This article is the follow on from the Raising Finance overview article. This article seeks to explore equity finance in greater depth allowing you, the business owner, to decide upon whether raising equity finance is suitable for your business, and also informing you of the practical considerations involved in the process.
What is equity finance?
Equity finance is a means for a business to raise capital. The capital is raised by the company via allotting shares to the investors in return for their money. As a result of this, a key consideration of equity finance is that ownership of the company is being transferred away from the original owners/ founders.
The capital is raised in rounds of different classification, depending on which stage the company wishing to raise capital is at. These include the following:
Seed funding is the earliest stage funding. The capital is normally used to develop the desired product and ascertain the products users or consumers.
Series A funding takes place further down the line and is a progression on seed funding. Series A funding capital is normally used to conduct market research and finalise the product. The company will need to demonstrate that the seed funding was used optimally and that Series A investors can make a high return.
At the Series B investment stage, the product should already be on the market. The purpose of the funding is to allow the company to increase its market share against more established competitors.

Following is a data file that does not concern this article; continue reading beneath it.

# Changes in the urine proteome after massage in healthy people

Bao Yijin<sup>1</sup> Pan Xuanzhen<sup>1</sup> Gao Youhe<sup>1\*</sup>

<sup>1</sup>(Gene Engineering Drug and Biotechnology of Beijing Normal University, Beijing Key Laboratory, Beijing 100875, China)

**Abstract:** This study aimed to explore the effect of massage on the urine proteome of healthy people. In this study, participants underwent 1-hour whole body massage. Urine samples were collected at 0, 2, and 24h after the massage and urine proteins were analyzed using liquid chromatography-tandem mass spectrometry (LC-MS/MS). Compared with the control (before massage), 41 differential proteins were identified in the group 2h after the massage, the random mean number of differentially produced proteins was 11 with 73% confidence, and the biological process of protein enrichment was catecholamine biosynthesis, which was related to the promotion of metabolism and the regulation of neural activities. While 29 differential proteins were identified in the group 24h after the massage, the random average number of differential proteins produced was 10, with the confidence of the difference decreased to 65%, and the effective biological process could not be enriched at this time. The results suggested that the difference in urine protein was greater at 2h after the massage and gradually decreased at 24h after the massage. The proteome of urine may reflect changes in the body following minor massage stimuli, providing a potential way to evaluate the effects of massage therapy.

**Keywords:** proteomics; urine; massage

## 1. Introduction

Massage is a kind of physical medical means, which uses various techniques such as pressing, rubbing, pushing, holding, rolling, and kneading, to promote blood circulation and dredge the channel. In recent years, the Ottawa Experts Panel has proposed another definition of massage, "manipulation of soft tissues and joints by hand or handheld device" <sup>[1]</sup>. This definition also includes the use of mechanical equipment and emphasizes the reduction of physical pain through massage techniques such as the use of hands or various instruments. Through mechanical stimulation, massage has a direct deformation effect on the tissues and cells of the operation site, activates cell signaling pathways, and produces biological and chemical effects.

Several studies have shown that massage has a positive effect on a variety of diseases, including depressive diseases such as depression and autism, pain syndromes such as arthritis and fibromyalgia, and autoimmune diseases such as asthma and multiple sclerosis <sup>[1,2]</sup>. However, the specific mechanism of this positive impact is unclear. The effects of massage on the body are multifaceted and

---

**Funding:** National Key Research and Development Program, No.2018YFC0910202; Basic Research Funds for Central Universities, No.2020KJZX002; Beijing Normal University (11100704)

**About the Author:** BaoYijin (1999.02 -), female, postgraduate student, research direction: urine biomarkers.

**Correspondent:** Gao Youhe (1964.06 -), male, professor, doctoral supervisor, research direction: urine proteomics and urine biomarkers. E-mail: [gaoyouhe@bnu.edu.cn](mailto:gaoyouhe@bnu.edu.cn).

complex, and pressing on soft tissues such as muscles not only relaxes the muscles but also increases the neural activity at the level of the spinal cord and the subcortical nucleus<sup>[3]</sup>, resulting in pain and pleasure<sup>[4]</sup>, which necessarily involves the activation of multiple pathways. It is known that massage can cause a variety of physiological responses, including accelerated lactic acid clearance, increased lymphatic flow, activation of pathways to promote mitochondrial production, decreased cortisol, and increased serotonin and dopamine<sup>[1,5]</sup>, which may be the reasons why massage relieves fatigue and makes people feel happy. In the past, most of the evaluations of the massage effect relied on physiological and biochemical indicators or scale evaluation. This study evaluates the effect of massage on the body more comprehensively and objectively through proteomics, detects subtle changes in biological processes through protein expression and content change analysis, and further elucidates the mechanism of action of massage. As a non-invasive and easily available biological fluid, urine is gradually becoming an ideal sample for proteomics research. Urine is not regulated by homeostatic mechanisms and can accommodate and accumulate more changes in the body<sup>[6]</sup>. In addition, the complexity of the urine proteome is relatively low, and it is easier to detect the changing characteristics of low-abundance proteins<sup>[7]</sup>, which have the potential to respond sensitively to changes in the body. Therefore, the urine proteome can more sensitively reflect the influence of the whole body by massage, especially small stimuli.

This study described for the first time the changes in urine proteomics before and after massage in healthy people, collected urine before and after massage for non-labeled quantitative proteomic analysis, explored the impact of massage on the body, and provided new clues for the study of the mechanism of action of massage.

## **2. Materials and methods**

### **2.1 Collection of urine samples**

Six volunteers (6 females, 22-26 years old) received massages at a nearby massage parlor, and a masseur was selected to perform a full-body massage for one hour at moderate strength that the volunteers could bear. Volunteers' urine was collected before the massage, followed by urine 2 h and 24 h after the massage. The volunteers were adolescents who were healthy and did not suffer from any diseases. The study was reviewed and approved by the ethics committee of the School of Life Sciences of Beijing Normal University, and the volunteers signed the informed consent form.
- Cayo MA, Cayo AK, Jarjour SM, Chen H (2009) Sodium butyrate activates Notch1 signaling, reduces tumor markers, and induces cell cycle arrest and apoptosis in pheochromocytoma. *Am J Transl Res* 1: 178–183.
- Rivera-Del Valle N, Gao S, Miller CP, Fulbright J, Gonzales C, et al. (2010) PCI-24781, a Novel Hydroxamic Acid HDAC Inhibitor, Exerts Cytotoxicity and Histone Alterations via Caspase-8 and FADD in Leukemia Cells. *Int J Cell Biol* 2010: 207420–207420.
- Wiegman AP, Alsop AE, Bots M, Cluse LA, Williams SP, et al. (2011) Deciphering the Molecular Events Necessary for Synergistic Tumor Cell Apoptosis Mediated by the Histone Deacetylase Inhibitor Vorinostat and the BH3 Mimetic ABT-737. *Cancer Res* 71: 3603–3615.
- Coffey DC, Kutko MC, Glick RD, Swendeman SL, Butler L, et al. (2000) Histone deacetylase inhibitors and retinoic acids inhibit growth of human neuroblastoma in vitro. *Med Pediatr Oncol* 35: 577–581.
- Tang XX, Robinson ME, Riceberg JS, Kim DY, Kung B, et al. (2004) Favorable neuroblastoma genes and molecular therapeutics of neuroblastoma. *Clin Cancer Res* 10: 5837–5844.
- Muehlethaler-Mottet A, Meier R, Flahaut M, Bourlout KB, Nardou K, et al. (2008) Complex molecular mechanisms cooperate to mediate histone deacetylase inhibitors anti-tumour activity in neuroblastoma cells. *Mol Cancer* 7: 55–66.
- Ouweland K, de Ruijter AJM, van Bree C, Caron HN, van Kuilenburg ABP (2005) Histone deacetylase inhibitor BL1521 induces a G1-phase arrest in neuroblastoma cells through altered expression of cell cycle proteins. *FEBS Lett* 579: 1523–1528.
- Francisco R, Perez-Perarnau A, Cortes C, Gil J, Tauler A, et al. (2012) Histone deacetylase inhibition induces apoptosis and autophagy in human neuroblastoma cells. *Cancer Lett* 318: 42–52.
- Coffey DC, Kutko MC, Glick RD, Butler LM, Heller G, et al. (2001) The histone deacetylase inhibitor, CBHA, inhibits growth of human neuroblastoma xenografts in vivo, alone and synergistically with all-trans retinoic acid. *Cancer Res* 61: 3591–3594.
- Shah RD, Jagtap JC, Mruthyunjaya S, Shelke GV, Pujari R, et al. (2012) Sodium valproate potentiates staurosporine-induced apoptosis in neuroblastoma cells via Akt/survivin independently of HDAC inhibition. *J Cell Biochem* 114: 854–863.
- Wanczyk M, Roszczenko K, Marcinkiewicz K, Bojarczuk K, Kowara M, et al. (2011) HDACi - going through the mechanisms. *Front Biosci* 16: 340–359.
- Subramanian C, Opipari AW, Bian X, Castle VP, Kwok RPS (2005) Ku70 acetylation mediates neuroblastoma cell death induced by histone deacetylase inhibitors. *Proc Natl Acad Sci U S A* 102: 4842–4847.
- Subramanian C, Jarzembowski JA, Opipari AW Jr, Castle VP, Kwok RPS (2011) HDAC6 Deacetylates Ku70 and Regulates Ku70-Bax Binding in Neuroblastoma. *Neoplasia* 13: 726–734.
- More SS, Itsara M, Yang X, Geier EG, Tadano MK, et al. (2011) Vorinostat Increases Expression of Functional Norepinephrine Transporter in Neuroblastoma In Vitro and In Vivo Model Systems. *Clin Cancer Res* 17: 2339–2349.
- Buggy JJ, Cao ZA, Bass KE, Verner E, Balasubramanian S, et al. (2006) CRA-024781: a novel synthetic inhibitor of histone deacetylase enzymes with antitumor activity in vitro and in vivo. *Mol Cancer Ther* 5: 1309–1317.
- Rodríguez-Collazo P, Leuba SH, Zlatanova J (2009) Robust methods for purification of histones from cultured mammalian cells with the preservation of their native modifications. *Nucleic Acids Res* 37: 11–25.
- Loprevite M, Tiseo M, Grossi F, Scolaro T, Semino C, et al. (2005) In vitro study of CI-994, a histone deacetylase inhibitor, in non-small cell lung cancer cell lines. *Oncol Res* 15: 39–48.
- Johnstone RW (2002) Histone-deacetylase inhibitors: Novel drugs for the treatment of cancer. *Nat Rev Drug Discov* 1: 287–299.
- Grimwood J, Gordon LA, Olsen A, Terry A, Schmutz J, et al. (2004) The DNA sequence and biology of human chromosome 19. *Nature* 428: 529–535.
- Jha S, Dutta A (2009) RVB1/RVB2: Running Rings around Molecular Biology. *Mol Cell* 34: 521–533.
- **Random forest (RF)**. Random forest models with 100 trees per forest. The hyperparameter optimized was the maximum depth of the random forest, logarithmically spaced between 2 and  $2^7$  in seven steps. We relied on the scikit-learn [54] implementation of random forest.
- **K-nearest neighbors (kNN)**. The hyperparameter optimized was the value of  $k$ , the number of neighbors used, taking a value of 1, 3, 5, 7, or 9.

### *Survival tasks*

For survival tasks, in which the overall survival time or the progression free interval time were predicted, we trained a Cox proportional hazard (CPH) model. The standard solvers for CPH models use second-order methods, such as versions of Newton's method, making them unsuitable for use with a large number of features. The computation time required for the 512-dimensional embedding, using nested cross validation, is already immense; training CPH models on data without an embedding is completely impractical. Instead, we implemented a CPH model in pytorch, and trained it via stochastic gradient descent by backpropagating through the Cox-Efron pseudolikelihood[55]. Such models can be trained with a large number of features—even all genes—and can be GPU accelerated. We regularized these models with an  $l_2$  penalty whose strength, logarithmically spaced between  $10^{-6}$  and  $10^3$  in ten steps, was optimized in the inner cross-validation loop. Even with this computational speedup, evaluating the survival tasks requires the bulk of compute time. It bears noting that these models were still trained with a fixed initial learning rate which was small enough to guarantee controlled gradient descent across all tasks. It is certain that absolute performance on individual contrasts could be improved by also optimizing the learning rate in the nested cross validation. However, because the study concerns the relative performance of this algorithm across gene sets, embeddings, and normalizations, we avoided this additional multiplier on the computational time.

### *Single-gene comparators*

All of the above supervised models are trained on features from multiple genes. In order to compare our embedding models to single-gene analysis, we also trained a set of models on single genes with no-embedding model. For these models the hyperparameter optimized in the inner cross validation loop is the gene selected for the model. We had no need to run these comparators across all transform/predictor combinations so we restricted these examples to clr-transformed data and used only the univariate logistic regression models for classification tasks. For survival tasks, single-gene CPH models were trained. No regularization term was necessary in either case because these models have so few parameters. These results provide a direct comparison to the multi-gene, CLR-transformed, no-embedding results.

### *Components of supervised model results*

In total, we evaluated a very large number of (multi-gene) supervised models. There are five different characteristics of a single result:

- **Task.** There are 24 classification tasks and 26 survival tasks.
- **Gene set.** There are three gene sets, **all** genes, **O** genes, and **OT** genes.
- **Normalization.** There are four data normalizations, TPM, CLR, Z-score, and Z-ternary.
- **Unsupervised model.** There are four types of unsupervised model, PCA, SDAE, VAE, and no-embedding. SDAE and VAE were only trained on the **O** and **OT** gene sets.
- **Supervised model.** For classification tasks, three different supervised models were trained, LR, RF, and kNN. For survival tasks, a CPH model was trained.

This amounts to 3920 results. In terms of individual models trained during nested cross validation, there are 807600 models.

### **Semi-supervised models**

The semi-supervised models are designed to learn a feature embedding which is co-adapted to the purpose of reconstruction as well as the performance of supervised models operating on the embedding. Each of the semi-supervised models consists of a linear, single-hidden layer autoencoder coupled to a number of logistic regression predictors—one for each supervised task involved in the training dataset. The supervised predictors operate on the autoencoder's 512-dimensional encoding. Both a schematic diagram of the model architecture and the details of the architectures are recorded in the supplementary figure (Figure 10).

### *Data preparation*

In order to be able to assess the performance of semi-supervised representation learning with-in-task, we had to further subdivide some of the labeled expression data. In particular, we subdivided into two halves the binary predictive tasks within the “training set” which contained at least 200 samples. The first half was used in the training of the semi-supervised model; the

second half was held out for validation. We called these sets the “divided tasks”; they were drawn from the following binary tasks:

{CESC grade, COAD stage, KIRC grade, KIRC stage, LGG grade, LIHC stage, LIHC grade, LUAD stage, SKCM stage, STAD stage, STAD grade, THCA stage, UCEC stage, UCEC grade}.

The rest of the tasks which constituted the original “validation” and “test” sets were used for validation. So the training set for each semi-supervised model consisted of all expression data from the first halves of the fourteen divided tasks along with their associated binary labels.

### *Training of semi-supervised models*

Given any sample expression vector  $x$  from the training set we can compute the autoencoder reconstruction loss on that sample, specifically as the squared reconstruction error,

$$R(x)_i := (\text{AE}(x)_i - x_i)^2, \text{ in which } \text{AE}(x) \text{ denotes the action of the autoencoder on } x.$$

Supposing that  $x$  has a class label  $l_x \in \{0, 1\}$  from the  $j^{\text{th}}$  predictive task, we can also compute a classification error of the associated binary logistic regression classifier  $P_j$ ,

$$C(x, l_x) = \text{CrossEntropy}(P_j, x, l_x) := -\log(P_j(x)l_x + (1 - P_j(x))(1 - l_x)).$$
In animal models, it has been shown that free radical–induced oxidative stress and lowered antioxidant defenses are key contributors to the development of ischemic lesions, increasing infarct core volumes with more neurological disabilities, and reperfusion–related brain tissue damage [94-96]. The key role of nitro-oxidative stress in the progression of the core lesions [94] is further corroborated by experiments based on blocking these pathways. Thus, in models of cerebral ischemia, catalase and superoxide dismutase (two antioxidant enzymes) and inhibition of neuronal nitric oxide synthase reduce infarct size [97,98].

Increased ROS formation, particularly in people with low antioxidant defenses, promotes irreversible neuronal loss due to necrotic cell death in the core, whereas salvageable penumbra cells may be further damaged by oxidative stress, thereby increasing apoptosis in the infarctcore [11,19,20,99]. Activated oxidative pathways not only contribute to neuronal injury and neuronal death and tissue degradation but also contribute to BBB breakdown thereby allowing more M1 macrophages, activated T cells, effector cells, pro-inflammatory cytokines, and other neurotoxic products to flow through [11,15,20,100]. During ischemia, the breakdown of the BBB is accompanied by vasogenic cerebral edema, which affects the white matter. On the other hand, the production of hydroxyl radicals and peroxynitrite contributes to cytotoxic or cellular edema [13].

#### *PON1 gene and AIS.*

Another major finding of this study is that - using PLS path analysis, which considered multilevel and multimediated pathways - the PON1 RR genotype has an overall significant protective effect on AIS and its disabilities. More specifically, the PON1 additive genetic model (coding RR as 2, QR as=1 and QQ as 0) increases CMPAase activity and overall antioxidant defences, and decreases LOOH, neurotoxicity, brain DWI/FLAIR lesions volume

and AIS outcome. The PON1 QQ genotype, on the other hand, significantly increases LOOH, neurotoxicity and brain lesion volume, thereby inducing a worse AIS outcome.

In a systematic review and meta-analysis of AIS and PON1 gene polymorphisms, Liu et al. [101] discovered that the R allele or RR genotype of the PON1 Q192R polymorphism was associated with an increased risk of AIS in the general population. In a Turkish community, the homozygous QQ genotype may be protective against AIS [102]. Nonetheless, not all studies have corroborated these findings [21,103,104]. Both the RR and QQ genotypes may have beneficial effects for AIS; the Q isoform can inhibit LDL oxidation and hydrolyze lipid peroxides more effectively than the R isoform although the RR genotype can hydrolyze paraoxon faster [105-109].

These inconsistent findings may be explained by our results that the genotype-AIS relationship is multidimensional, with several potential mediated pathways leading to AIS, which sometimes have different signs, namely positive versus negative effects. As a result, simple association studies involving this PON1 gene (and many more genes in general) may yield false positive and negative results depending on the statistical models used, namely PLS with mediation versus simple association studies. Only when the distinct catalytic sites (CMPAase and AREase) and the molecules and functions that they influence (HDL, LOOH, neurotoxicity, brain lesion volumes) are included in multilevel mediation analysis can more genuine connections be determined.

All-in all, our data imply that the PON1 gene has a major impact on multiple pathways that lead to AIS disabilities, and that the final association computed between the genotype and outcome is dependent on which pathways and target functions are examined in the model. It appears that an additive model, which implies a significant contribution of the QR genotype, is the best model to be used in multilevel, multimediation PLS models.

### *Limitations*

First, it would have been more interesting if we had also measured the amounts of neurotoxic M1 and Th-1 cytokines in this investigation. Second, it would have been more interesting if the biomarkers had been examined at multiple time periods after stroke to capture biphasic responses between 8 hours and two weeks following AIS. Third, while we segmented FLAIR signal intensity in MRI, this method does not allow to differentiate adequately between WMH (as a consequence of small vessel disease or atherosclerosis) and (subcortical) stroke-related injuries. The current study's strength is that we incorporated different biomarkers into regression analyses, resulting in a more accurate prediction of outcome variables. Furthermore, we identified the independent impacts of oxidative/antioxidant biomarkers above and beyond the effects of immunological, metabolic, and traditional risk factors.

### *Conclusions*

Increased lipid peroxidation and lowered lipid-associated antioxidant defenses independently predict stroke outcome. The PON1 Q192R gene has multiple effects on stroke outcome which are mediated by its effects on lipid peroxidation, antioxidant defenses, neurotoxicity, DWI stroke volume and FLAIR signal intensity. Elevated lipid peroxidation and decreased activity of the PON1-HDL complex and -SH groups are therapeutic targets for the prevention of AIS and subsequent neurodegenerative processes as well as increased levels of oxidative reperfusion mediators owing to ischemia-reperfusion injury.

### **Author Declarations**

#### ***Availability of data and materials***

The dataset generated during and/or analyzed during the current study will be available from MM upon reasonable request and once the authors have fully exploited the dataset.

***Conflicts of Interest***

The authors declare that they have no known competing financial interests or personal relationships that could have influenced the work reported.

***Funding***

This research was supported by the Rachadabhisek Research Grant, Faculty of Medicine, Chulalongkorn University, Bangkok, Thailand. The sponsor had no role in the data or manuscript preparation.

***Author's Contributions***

Series C funding usually involves private equity/ venture capital investors and is an influx of capital to an established business in its chosen market, the money will be used normally to take on a new financial venture such as to expand the company's product range or to make an acquisition.
Investment: The key documents
The investment agreement is the core document, which documents the exchange of the investors' money in return for shares. The type of shares and associated rights will be detailed in this agreement. Key considerations could include whether the investor has a preferential right to a dividend or whether or not the investor has voting rights attached to their shares. The payments may also be "Tranched" i.e. split into segments rather than all being made up front. The Tranches may be linked to specific performance milestones of the company.
Importantly, the warranty schedule in the investment agreement will also need to be negotiated. The warranties are a set of promises the founders (warrantors) give to the investors as to the state of the company. If these warranties transpired to be untrue the investors would have a claim for breach of contract against the warrantors. However, the warrantors can disclose against the warranties in the disclosure letter, meaning that the investors would not have a claim for breach of that warranty in those circumstances.
If you want to discuss how best to raise capital for your business please feel free to get in touch with someone from our corporate team who would be happy to assist you. Please contact us at firstname.lastname@example.org or call us on 029 2009 5500 to speak to one of our team.
The information contained in this article is for information purposes only and is not intended to constitute legal advice.